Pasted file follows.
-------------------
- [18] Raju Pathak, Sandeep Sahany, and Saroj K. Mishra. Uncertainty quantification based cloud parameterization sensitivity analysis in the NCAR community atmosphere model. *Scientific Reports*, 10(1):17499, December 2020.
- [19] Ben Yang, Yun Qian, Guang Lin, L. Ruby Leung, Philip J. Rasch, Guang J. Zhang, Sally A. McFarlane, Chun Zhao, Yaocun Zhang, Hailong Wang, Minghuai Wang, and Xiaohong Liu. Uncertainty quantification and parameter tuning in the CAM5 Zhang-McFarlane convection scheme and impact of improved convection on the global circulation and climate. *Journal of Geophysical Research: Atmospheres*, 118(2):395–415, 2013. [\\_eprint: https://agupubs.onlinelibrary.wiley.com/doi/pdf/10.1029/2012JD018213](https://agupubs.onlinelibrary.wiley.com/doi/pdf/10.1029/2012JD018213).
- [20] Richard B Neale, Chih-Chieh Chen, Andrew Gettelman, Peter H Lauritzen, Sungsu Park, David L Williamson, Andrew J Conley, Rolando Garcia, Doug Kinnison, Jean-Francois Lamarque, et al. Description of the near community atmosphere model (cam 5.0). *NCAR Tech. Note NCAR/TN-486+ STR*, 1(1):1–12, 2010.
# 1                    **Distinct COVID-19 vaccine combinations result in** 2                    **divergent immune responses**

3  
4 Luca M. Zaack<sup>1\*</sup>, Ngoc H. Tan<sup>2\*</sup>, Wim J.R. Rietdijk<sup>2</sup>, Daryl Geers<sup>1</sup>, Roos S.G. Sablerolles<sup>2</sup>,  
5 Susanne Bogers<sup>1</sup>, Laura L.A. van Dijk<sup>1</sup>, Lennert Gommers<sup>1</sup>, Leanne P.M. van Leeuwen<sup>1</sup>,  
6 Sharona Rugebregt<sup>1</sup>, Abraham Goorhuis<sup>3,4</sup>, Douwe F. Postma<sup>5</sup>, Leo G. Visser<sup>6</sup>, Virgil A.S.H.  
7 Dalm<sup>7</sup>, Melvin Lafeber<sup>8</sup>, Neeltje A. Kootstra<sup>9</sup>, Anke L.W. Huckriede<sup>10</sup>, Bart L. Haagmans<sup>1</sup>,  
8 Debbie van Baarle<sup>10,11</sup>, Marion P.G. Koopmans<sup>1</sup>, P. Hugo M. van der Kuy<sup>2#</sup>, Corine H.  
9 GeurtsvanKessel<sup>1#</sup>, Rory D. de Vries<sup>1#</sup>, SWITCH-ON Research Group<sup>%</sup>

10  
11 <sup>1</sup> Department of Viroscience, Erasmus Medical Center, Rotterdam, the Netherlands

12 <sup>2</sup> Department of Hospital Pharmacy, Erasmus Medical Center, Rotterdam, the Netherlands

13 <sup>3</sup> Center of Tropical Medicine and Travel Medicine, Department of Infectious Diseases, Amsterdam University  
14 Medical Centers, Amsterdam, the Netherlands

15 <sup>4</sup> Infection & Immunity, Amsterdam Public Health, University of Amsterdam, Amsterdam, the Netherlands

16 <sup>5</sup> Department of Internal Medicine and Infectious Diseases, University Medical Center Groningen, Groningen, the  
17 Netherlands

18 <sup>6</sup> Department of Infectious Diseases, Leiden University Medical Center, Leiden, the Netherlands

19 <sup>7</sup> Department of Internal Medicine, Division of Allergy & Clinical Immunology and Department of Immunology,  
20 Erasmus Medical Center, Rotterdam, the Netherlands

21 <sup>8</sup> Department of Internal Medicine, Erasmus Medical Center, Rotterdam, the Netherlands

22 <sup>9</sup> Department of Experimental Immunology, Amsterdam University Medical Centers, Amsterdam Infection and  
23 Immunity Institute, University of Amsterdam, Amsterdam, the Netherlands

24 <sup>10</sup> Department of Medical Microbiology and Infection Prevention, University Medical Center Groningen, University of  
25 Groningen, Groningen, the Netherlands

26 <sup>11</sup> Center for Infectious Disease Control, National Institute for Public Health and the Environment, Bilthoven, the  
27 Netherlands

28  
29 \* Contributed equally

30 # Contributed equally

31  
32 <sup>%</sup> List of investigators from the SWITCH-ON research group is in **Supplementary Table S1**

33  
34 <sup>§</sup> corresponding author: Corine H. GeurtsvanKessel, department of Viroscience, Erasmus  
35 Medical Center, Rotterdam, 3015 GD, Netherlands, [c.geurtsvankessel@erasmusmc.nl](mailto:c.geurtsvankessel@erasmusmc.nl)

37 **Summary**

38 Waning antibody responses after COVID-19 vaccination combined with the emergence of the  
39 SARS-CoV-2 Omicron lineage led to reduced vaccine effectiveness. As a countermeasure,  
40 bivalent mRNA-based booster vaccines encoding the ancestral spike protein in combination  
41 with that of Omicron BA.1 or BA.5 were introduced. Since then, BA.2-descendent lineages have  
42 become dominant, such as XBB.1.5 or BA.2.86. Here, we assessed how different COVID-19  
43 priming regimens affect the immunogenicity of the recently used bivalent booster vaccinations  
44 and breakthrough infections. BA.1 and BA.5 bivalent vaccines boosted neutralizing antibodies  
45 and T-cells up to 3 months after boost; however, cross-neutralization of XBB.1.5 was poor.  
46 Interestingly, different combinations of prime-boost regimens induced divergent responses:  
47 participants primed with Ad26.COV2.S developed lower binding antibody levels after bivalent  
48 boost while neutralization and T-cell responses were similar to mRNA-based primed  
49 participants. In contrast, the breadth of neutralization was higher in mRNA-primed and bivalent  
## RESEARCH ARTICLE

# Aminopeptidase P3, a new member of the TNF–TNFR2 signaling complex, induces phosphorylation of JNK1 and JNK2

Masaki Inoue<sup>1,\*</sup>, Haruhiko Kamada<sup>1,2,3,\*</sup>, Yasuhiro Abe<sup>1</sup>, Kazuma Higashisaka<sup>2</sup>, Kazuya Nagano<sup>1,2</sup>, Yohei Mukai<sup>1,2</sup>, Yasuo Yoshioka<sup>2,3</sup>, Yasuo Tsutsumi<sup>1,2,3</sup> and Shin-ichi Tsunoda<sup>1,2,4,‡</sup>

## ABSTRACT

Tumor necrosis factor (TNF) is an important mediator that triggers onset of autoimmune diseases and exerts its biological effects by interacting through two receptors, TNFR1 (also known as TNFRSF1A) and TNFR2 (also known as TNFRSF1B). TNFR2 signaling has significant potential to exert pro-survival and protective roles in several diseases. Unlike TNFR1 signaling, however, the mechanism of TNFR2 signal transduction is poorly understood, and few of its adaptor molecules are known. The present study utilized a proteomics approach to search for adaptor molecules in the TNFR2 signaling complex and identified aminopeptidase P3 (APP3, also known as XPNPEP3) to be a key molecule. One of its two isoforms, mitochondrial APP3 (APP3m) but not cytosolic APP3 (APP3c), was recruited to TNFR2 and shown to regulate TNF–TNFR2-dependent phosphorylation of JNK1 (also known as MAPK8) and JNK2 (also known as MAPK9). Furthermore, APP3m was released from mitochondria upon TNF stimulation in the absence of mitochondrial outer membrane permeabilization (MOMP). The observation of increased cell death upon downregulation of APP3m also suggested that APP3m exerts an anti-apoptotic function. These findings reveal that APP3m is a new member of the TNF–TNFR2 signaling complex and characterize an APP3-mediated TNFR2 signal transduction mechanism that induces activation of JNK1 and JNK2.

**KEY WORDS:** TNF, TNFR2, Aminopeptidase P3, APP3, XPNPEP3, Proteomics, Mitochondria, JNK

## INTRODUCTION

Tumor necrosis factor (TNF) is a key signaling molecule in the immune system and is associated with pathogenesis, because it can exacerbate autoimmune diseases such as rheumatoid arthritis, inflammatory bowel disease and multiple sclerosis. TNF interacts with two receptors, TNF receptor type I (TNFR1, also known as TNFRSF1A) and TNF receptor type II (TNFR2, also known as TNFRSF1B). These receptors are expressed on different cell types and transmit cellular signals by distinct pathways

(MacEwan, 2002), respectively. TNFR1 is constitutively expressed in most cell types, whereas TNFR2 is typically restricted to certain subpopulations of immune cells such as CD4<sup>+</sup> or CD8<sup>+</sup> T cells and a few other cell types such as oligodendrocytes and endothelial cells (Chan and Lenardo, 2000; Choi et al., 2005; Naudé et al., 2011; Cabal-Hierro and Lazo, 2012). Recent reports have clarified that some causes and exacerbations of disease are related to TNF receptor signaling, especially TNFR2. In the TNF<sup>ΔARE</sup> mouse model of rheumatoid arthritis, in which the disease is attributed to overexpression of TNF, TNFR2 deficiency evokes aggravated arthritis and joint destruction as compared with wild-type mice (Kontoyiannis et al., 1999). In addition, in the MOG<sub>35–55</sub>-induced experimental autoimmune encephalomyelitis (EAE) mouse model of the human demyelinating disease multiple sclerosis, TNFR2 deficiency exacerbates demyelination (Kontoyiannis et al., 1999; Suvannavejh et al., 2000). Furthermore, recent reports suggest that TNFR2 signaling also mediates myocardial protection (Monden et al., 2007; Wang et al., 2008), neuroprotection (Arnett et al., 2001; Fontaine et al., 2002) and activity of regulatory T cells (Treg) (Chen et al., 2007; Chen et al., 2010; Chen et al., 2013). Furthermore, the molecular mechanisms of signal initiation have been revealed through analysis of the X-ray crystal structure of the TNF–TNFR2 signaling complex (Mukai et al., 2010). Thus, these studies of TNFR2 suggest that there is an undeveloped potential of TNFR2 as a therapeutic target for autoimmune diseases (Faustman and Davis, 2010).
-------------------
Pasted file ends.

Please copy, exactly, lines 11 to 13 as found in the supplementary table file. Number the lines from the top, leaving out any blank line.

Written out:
9 GeurtsvanKessel<sup>1#</sup>, Rory D. de Vries<sup>1#</sup>, SWITCH-ON Research Group<sup>%</sup>

10  
11 <sup>1</sup> Department of Viroscience, Erasmus Medical Center, Rotterdam, the Netherlands